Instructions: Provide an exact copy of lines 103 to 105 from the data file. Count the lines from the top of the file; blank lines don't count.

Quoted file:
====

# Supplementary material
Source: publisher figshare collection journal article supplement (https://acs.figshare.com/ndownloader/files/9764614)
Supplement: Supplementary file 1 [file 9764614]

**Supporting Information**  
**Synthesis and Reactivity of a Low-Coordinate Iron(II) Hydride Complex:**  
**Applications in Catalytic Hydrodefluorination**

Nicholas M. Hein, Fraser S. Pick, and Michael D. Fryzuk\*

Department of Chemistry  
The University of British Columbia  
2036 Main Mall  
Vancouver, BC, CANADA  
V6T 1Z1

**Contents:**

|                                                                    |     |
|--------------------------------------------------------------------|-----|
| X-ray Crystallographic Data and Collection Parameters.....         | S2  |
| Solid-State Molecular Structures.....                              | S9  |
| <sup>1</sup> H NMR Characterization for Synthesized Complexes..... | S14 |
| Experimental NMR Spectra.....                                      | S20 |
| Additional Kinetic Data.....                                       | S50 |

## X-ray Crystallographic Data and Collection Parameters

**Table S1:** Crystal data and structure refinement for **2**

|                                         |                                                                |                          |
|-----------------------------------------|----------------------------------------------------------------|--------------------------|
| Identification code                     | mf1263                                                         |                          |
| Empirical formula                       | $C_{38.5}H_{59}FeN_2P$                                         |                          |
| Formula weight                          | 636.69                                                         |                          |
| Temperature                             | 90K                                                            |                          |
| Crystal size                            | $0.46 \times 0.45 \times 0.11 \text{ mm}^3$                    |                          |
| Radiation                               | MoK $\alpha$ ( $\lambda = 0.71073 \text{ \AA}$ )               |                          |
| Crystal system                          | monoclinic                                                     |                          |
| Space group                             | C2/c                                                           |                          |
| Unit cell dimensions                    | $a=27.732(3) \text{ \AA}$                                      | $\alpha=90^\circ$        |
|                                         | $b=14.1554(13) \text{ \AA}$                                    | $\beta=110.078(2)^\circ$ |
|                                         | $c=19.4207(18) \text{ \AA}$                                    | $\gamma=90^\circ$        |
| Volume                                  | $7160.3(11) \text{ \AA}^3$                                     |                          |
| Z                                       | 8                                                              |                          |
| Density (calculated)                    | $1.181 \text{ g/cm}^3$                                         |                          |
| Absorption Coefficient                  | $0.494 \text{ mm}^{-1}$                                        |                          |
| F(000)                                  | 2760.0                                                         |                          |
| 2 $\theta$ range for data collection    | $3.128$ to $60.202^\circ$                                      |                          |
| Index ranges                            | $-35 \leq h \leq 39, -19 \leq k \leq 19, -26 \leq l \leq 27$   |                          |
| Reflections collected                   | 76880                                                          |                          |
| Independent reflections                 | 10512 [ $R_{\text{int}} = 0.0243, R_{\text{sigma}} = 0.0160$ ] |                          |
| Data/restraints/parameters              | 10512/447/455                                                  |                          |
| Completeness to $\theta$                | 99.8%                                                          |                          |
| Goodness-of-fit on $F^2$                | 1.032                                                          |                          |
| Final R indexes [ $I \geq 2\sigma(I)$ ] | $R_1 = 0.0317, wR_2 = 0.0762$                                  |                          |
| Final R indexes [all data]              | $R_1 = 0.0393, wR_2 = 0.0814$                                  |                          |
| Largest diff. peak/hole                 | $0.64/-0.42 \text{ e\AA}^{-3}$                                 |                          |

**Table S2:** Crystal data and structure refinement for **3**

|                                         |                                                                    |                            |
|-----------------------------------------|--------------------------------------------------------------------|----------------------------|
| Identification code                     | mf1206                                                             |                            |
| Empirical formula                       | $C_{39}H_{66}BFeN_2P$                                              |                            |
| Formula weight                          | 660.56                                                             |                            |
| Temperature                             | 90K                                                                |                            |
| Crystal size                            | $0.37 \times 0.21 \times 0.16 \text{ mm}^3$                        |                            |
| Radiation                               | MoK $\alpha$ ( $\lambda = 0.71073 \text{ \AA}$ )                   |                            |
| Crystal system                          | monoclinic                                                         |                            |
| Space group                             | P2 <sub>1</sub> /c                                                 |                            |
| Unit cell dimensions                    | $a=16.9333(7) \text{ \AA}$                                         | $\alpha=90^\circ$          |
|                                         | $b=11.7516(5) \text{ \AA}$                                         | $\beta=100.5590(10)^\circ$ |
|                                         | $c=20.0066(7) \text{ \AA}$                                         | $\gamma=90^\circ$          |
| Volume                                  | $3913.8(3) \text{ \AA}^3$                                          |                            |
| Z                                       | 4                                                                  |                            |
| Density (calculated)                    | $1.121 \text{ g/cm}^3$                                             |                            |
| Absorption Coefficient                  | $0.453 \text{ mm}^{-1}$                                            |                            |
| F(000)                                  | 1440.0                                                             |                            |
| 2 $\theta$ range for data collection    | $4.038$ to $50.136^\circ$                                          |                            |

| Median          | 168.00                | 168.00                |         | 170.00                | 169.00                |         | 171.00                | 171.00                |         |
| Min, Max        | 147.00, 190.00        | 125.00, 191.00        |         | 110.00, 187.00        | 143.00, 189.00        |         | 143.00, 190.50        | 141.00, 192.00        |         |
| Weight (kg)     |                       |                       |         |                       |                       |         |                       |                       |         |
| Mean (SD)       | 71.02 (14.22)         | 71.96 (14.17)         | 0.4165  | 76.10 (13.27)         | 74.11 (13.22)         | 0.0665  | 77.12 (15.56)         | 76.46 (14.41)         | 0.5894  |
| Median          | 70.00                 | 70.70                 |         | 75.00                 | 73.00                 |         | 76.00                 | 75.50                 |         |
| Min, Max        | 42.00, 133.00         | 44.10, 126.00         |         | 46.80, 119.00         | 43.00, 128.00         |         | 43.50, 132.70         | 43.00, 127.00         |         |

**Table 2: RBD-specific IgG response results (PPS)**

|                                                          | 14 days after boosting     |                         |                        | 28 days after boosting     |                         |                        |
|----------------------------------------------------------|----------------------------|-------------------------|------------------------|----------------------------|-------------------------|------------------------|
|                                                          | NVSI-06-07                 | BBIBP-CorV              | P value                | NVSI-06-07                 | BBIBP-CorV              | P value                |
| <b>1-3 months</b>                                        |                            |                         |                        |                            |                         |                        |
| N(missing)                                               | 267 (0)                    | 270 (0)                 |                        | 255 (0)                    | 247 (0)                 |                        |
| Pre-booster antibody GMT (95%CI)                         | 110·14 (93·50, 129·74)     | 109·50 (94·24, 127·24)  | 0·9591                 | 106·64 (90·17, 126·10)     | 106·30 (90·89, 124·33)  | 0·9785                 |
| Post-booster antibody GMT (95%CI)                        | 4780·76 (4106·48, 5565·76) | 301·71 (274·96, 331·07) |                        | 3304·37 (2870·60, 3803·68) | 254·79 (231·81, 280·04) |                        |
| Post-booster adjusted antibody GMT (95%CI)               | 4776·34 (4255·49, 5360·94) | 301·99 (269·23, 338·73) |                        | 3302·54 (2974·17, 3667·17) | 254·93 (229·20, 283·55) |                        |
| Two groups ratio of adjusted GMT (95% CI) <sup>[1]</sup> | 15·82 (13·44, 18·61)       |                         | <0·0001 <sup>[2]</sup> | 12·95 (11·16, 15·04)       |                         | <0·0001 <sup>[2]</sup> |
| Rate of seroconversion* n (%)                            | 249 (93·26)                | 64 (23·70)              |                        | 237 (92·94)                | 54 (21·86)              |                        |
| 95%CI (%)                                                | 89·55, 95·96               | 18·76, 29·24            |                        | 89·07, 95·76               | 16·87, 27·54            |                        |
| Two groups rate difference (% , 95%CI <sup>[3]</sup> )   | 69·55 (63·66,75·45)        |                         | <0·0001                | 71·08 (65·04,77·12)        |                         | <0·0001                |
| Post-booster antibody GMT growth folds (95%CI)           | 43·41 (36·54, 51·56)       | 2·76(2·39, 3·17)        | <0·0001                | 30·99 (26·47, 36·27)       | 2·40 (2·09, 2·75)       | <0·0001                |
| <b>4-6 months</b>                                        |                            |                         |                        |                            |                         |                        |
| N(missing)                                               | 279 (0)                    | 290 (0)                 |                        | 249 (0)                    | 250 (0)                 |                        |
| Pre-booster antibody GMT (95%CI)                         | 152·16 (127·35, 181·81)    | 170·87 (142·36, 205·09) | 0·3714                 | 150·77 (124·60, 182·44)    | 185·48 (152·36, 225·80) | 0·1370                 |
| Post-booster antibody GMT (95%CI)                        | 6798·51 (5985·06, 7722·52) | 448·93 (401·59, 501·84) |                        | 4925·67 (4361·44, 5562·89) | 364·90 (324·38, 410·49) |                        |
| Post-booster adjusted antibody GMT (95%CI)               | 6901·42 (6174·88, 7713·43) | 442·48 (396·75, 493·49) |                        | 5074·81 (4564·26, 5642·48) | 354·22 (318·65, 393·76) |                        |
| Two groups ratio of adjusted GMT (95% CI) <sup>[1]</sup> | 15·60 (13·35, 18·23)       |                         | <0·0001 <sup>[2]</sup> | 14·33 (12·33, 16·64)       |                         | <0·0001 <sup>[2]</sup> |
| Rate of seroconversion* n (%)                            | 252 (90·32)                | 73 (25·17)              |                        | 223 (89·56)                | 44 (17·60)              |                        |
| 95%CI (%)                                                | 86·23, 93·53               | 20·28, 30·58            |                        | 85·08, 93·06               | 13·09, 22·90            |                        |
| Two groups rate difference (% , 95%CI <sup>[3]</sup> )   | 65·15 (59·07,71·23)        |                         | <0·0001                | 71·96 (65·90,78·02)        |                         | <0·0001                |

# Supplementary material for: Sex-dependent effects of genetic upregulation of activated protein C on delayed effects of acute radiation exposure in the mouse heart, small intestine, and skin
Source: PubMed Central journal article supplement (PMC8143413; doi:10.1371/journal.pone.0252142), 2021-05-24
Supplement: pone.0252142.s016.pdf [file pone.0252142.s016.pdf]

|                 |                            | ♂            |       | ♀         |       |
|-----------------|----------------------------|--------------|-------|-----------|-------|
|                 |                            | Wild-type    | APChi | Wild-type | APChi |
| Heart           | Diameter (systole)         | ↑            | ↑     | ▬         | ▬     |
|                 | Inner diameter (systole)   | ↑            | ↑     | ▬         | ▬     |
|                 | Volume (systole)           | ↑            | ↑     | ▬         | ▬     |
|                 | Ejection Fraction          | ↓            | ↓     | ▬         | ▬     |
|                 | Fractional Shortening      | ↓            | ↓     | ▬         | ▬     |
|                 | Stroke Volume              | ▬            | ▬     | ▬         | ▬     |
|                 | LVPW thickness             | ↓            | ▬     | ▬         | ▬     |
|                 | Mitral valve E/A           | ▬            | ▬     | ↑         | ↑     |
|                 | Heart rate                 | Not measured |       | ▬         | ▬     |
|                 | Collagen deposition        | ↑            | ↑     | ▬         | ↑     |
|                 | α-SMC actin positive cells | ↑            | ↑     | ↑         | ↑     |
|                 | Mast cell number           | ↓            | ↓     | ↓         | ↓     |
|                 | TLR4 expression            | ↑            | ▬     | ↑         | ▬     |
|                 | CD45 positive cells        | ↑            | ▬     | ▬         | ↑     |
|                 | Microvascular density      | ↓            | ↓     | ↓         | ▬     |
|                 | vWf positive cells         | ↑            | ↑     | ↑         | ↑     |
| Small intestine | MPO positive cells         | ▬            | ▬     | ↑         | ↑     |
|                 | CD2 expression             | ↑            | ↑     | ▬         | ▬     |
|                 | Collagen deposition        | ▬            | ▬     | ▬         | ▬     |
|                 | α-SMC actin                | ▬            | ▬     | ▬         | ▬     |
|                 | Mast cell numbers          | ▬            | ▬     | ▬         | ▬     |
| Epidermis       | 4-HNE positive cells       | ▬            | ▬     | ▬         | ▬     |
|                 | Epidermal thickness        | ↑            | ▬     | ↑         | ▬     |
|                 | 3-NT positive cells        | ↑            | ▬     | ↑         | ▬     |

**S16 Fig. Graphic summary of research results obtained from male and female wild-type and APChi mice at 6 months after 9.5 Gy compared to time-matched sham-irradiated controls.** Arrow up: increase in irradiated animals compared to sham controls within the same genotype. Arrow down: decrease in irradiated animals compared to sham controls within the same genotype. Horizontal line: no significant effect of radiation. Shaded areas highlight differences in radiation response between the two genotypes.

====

|                 |                            | ♂            |       | ♀         |       |
|-----------------|----------------------------|--------------|-------|-----------|-------|
|                 |                            | Wild-type    | APChi | Wild-type | APChi |